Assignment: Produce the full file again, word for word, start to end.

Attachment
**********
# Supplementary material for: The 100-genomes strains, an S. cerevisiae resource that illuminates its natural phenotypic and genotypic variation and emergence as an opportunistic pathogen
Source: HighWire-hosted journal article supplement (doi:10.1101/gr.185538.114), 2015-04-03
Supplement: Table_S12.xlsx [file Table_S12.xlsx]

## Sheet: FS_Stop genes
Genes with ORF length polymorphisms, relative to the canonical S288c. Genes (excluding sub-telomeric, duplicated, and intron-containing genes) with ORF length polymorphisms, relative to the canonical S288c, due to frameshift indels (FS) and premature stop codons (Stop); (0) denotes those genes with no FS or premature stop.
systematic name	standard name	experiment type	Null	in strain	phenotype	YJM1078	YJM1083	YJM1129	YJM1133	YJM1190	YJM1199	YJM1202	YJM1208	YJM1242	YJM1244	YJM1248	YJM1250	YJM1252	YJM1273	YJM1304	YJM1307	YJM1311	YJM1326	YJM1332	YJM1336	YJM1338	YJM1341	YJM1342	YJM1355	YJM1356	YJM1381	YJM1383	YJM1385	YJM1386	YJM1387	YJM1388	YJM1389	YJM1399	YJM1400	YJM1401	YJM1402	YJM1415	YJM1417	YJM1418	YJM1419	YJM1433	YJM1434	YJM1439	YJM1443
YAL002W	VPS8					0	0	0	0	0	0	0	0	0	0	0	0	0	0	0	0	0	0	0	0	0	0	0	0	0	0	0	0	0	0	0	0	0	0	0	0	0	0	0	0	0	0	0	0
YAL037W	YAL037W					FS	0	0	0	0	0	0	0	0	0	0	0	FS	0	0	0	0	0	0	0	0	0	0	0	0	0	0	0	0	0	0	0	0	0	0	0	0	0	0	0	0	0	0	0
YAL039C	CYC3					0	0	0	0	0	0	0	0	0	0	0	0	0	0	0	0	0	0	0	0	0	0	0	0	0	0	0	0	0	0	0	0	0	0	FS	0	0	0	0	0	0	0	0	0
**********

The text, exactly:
# Supplementary material for: The 100-genomes strains, an S. cerevisiae resource that illuminates its natural phenotypic and genotypic variation and emergence as an opportunistic pathogen
Source: HighWire-hosted journal article supplement (doi:10.1101/gr.185538.114), 2015-04-03
Supplement: Table_S12.xlsx [file Table_S12.xlsx]

## Sheet: FS_Stop genes
Genes with ORF length polymorphisms, relative to the canonical S288c. Genes (excluding sub-telomeric, duplicated, and intron-containing genes) with ORF length polymorphisms, relative to the canonical S288c, due to frameshift indels (FS) and premature stop codons (Stop); (0) denotes those genes with no FS or premature stop.
systematic name	standard name	experiment type	Null	in strain	phenotype	YJM1078	YJM1083	YJM1129	YJM1133	YJM1190	YJM1199	YJM1202	YJM1208	YJM1242	YJM1244	YJM1248	YJM1250	YJM1252	YJM1273	YJM1304	YJM1307	YJM1311	YJM1326	YJM1332	YJM1336	YJM1338	YJM1341	YJM1342	YJM1355	YJM1356	YJM1381	YJM1383	YJM1385	YJM1386	YJM1387	YJM1388	YJM1389	YJM1399	YJM1400	YJM1401	YJM1402	YJM1415	YJM1417	YJM1418	YJM1419	YJM1433	YJM1434	YJM1439	YJM1443
YAL002W	VPS8					0	0	0	0	0	0	0	0	0	0	0	0	0	0	0	0	0	0	0	0	0	0	0	0	0	0	0	0	0	0	0	0	0	0	0	0	0	0	0	0	0	0	0	0
YAL037W	YAL037W					FS	0	0	0	0	0	0	0	0	0	0	0	FS	0	0	0	0	0	0	0	0	0	0	0	0	0	0	0	0	0	0	0	0	0	0	0	0	0	0	0	0	0	0	0
YAL039C	CYC3					0	0	0	0	0	0	0	0	0	0	0	0	0	0	0	0	0	0	0	0	0	0	0	0	0	0	0	0	0	0	0	0	0	0	FS	0	0	0	0	0	0	0	0	0